Categories: 180 Mind Set Training, Bushcraft, Camping, Doing the Stuff, Gear, Preparedness, Self-reliance, Survival | Tags: , , , | 16 Comments

Choosing the Best Survival Multi Tool: Tips from an Ex Multi Tool Industry Insider

by Morry Banes

As far back as I can remember the preparedness community has dwelled and kept getting back to one elusive dilemma – a survival knife or a multi tool.

choosing-best-survival-multi-tool

It is to us what “Brenda or Kelly” dilemma is to the fans of 90210, the male ones, all three of them…

It’s my opinion that the only answer that makes sense is BOTH.

Granted, nothing much to screw or unscrew when you are making a trap in the wild, and it would be hard making a decent shelter by using a flimsy multi tool blade but let us take a step back here and think about one basic fact:

Flexibility of a multi tool use is unparalleled

Smart preparedness goes beyond thinking about every possible scenario and adding stuff to your backpack. It’s about knowing that a real life situation is bound to face you with scenarios you could not have fathomed.

choosing-best-survival-multi-tool

Here, your brain is your main weapon, and you only need things that can be creatively and flexibly used. Sometimes you’ll need a light piece for small cutting tasks and sometimes you’ll need brute force of a rigid, heavy-duty tool. Nothing fits the description better than a wisely chosen multi tool.

  • How about field stripping your firearm if you carry one?

I know from experience that, with a little practice, you can strip and clean pretty much any weapon if you have the right multi tool

  • How about a medical emergency?

Ok, you have your first aid kit in place but what if you need to cut through a booth to release the ankle of an injured person or cut through close to get to the injured area. Scissors are OK, but what about having something that’s better than standalone scissors and can do a lot more…

  • The list goes on and on…

I think I’ve made my point why I think having a multi tool in your BOB is just common sense, so let’s move on to talk about what I promised in the title – choosing smart and saving money while we’re at it.

When you start researching multi tools, reading multi tool reviews and specs, it gets pretty complicated pretty fast. That’s how it was for me when I started working in a multi tool factory like a decade ago and started my multi tool collection.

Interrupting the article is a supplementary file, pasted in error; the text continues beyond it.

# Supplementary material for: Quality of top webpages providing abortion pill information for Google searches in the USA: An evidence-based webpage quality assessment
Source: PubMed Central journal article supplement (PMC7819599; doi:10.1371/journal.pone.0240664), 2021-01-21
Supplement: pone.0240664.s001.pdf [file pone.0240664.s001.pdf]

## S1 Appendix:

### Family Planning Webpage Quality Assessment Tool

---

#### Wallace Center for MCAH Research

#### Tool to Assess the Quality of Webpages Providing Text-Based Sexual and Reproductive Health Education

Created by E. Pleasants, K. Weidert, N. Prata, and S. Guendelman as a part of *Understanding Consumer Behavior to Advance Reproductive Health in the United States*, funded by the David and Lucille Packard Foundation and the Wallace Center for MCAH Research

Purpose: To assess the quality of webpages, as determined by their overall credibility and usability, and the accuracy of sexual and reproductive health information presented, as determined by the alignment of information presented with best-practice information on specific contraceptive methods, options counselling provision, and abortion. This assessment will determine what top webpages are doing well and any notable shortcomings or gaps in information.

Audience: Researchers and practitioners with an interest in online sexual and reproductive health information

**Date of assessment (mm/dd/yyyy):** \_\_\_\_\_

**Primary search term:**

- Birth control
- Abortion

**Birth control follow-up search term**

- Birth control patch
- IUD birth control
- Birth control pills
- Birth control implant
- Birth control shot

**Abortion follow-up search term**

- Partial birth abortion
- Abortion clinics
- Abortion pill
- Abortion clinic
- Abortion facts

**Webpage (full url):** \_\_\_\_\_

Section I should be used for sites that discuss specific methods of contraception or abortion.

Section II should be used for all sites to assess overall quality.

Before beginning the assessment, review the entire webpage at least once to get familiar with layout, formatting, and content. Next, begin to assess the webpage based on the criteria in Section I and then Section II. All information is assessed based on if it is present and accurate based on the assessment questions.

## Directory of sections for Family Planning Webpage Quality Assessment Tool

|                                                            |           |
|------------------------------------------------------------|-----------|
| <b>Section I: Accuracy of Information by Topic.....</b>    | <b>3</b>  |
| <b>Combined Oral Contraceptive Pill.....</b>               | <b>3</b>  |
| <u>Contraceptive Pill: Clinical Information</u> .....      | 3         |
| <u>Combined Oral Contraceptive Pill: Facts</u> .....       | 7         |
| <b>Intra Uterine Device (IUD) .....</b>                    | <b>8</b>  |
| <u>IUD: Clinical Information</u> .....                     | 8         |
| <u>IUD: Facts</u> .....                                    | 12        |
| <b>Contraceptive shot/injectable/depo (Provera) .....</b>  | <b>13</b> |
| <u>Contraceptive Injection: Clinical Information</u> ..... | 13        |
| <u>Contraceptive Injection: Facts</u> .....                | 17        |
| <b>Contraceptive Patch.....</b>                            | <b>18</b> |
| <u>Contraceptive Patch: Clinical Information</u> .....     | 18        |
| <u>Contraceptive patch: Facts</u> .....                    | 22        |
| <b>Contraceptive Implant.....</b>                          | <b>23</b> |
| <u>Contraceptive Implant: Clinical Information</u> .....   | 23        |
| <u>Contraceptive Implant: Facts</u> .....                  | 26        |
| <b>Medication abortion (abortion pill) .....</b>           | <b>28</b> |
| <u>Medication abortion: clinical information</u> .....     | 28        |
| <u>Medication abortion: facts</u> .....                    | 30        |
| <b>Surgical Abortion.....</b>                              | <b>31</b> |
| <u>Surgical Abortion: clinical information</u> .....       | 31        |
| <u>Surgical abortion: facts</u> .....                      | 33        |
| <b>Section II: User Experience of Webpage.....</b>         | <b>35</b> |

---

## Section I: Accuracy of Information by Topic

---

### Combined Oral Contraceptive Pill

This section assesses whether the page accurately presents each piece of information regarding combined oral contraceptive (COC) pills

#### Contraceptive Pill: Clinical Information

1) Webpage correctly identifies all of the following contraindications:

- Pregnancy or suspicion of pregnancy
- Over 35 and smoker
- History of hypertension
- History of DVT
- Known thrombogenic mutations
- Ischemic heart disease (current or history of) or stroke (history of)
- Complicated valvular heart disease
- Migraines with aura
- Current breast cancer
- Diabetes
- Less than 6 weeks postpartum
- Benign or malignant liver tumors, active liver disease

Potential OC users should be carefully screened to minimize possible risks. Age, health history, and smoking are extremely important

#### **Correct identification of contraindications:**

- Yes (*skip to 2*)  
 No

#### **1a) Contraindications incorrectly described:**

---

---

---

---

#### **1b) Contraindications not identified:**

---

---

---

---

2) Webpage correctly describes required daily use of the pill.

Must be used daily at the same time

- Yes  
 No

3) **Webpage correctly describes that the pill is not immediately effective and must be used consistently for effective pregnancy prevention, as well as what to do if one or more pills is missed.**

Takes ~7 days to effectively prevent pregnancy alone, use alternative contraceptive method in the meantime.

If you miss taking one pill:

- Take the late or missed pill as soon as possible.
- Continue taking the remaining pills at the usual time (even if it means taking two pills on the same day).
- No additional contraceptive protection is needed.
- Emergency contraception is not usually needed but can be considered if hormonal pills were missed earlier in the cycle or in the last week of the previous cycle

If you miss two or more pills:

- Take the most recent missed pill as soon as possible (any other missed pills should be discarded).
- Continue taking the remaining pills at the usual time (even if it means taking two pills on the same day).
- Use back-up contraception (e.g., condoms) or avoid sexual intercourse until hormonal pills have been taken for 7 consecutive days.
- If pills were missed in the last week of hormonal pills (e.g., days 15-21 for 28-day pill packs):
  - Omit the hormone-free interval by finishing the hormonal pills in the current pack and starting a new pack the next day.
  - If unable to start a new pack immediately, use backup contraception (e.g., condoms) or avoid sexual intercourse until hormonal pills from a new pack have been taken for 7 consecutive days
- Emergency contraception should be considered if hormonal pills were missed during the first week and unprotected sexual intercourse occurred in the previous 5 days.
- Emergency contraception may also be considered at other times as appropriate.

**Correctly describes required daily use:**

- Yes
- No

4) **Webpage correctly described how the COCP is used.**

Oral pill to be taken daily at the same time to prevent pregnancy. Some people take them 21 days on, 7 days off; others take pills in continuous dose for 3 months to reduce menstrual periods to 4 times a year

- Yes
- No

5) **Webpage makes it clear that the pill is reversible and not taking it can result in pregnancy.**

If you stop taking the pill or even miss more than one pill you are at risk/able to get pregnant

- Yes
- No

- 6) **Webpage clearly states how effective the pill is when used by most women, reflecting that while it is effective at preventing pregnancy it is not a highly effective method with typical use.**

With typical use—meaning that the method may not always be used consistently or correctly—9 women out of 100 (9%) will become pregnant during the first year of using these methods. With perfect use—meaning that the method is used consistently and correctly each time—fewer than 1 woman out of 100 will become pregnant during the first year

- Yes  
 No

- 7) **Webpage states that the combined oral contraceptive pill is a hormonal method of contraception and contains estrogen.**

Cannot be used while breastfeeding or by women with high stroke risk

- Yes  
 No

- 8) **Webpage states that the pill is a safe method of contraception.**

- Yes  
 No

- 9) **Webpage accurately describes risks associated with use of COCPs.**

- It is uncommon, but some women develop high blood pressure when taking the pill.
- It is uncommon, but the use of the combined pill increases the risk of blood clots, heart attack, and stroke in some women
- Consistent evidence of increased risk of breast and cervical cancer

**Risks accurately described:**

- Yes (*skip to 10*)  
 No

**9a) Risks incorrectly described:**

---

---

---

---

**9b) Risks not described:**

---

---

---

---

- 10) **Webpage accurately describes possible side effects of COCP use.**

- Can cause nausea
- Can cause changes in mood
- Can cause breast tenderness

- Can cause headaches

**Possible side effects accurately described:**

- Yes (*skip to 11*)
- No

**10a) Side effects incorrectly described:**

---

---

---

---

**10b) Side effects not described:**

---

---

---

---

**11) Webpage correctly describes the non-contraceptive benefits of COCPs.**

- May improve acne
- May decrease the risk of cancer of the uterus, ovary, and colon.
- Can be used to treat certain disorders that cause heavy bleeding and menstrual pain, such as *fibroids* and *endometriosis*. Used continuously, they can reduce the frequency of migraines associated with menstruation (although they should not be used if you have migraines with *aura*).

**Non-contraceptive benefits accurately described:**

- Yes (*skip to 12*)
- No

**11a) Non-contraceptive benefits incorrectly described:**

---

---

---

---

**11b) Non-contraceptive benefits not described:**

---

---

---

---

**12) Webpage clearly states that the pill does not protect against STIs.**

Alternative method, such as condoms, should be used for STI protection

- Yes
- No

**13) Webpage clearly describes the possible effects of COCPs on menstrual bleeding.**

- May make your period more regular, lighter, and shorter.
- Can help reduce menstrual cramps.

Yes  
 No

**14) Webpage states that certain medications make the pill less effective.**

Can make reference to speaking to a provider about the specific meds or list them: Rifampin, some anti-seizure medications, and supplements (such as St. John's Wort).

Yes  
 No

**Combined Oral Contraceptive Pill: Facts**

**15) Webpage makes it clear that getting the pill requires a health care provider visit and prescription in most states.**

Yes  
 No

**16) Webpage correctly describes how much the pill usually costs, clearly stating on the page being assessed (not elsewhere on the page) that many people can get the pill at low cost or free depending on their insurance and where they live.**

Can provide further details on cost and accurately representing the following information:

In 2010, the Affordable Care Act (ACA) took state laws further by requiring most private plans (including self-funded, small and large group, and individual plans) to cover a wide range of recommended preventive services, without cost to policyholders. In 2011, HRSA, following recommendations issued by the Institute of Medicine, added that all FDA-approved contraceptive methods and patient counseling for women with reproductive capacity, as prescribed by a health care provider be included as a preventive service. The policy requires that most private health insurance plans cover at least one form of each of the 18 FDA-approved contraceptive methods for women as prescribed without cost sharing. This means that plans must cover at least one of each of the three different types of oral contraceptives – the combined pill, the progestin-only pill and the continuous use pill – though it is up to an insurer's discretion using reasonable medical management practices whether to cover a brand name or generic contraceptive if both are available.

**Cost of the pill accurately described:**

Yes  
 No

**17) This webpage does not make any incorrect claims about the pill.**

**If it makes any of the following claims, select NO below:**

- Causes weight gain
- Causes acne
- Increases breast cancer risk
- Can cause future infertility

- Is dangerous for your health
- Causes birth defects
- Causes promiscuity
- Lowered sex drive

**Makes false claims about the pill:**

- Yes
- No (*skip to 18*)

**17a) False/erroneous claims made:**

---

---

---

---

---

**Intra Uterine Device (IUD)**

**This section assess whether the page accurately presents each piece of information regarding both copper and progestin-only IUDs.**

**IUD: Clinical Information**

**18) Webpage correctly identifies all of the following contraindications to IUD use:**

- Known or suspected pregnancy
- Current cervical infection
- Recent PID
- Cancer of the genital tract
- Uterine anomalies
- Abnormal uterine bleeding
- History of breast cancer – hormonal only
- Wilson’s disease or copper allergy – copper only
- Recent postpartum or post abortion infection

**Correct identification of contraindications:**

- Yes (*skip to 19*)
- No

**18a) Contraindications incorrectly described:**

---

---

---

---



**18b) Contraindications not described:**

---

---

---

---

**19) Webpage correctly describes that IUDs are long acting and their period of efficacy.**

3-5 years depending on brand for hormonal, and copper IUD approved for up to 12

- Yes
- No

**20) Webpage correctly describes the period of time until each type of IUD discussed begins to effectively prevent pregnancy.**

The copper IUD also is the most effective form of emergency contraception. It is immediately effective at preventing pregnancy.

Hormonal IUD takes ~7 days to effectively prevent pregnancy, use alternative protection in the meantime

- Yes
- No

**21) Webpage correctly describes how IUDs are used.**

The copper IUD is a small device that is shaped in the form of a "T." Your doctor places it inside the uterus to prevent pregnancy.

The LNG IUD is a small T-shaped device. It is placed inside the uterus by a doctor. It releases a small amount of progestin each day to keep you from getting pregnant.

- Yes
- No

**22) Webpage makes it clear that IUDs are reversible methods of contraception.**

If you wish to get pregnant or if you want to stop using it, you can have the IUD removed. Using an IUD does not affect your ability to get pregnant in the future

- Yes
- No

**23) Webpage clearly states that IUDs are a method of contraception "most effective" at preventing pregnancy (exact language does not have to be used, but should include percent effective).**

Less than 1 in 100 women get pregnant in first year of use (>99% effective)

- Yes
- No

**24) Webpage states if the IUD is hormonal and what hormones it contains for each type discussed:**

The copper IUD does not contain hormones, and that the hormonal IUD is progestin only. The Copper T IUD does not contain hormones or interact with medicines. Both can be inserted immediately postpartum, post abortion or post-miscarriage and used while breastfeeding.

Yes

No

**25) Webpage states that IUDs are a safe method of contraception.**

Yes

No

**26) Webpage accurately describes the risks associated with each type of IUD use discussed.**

It kept getting more complicated before it got really simple.

Here, we are in luck because we know exactly what we are looking for – a strong, heavy-duty survival multi tool free of stars and sparkles of advertising.

I am here to tell you how to simplify things and look past all that, because, in a survival situation, it won’t matter much if your tool is nice shiny red and packs a zillion pieces you will never use.

When choosing a survival multi tool for your BOB, as far as I am concerned, it’s about getting back to the basics and keeping things simple.

We’ll keep things simple by looking at three main aspects:

  • versatility
  • quality of the materials
  • safety of use

Again, I’ll keep things very simple.

Versatility

Sure, you can be “that guy” who spend over a grand on something like Swiss Army Giant that has 141 functions, but if SHTF you’ll find yourself using 5 pieces and carrying over 7 pounds of steel.

As I said, for me, choosing smart is looking at the basics:

  • sturdy pliers and wire cutters
  • two types of blades – serrated and regular
  • quality screwdrivers – regular and Phillips
  • bottle and can opener

Whichever tool you get, you’ll find that the Pareto or the 80-20 rules apply – you are likely to do 80% of the jobs using 20% of the tools.

It’s far more important playing your cards right when it comes to reliability of the tools.

choosing-best-survival-multi-tool

Quality

I do know the industry inside out, and if I were to design my perfect survival multi tool today, I would look for the following:

  • titanium for the handles because it will not corrode
  • 420 stainless steel for all the tools except the blades because “size-to-size” this steel is stronger than titanium and far less likely to break because of low chromium content
  • 154CM steel for the blades – because it will keep it’s edge up to 3 times longer than 420 steel

Simplicity and Clarity

That’s what I was aiming for when talking about a quality of a multi tool.

The word “quality” is so easily thrown around these days that it loses all its meaning. Every company will tell you that their tool is of “highest quality” while they are profiting on your confusion about the meaning of the word.

Well, consider me your insider in the industry and make a mental note of this definition of quality in a multi tool.

Just one more thing – stay away from anything “coated”. Read the specs carefully and look for terms like “dye-coated steel” and “titanium coated”. It’s just a way of the company to say “It’s not really steel, we just painted it so that it looks like it is”.